Commercial and music video director Joseph Kahn and producer Adi Shankar of the recent Power/Rangers bootleg fan film recently sat down with Collider (you can see the timeline and questions at that link) to talk about that short, the history behind it, and the state of the movie industry and film violence:

You may have already seen the insane Power/Rangers bootleg, but if you haven't, here is the NSFW version along with the BTS (be sure to check out our previous post for even more behind the scenes and how they shot it):

Both of them have a lot of interesting things to stay in the Collider video, and Kahn touched upon some of the same things he talked about in the /Film podcast that's on the previous Power/Rangers post. I think it's important that we live in a society where we can comment on properties owned by other entities. If everything we're using is original material, fan films should be allowed under the same Fair Use arguments that allow people to create video essays (and plenty of those get taken offline every day). Part of the reason that's important is that these properties are nothing without the public who consume them. Parody is actually protected under the law, but these fan films are in a bit of a grey area. I think there are so many fine lines it's pointless to pick and choose, and we should have better laws regarding intellectual property that actually reflect the internet culture we live in.

Getting to the title of this article, Kahn's quote about rich people using crowdfunding is an important conversation to have. On one hand, just because you have a significant net worth does not necessarily mean you have money in the bank to spend on a movie. But on the other, if you really care about the art, and you are going to put your heart into something, some of the wealthier people should be smart enough to be able to afford some of these projects without help from anyone else. Certainly they are utilizing the same system that small indie projects are taking advantage of, but instead of buying that Ferrari, the money could definitely be spent elsewhere. In the end, it's up to individual people to spend money where they want to spend it.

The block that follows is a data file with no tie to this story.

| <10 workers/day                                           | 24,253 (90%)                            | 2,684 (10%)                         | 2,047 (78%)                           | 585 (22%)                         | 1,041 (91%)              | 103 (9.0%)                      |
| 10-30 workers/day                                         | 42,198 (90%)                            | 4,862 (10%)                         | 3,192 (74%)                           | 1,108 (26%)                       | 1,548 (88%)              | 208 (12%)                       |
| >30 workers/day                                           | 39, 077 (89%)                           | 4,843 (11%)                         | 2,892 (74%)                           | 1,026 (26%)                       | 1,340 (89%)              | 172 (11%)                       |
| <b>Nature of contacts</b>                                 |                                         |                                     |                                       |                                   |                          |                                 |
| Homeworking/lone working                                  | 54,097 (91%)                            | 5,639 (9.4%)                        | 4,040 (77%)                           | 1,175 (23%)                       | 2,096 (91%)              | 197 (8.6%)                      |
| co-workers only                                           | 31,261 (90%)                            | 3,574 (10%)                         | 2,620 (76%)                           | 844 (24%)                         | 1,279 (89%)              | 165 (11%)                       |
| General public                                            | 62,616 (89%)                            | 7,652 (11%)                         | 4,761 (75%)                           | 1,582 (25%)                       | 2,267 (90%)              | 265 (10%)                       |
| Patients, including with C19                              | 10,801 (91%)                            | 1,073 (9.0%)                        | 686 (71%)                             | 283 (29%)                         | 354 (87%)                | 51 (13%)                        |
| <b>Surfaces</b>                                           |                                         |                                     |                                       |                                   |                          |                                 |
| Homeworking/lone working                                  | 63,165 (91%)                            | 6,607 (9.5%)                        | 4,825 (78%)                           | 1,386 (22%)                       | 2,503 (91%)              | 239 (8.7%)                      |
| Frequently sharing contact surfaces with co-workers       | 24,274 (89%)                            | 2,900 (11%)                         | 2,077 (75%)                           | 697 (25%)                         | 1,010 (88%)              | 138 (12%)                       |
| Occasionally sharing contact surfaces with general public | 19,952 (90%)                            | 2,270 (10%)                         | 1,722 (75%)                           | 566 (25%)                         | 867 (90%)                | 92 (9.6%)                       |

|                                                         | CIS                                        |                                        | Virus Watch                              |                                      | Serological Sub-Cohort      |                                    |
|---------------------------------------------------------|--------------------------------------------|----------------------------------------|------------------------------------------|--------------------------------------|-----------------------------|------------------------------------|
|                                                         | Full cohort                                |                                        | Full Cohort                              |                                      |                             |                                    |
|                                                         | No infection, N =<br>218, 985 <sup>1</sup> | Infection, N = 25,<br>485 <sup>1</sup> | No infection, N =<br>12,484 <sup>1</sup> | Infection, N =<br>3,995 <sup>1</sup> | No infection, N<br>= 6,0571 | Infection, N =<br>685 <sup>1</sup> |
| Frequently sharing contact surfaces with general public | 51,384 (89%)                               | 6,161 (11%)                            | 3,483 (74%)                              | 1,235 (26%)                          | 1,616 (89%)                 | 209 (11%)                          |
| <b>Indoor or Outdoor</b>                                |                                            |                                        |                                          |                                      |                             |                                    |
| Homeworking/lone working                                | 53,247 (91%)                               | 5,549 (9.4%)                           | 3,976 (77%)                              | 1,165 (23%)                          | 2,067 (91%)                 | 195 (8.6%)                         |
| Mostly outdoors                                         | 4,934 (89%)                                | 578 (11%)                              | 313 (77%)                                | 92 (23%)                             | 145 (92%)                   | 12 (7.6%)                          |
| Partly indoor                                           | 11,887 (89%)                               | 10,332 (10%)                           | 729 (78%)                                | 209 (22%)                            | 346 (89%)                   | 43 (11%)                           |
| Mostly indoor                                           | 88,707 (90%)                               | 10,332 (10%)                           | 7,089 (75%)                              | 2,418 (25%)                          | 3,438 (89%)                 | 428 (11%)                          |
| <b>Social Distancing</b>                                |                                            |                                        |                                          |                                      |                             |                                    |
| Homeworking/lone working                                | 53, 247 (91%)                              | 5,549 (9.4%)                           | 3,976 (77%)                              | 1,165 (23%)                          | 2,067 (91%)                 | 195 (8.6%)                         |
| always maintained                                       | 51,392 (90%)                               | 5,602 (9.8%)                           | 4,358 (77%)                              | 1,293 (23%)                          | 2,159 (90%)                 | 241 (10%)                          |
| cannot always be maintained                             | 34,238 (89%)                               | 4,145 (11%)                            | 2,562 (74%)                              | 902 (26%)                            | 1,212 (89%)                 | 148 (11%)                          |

And that's what is admirable about Kahn and his approach. He spent a lot of his own money on the Power/Rangers bootleg, and therefore was able to have total creative control. He doesn't mince words and is pretty clear about his monetary situation, but he really tries to pick projects that appeal to him. I know I've spent considerable amounts of my own money on personal projects, as have plenty of you, and I think the film is treated a little differently when your own dough is at stake.

The one positive I could see about utilizing these platforms if you are wealthy already is that they can help build a fan base. In that case, the barrier of entry should be lower — you should be able to watch the piece sooner than anyone else, at least digitally, and it shouldn't cost more than a movie ticket. I'm sure there are plenty of producers that look at these platforms as free money, but to keep crowdfunding healthy and viable for true indie projects, we need to be having these conversations.

What do you think? Should celebrities refrain from Kickstarter or Indiegogo and spend only their own money on projects they really care about?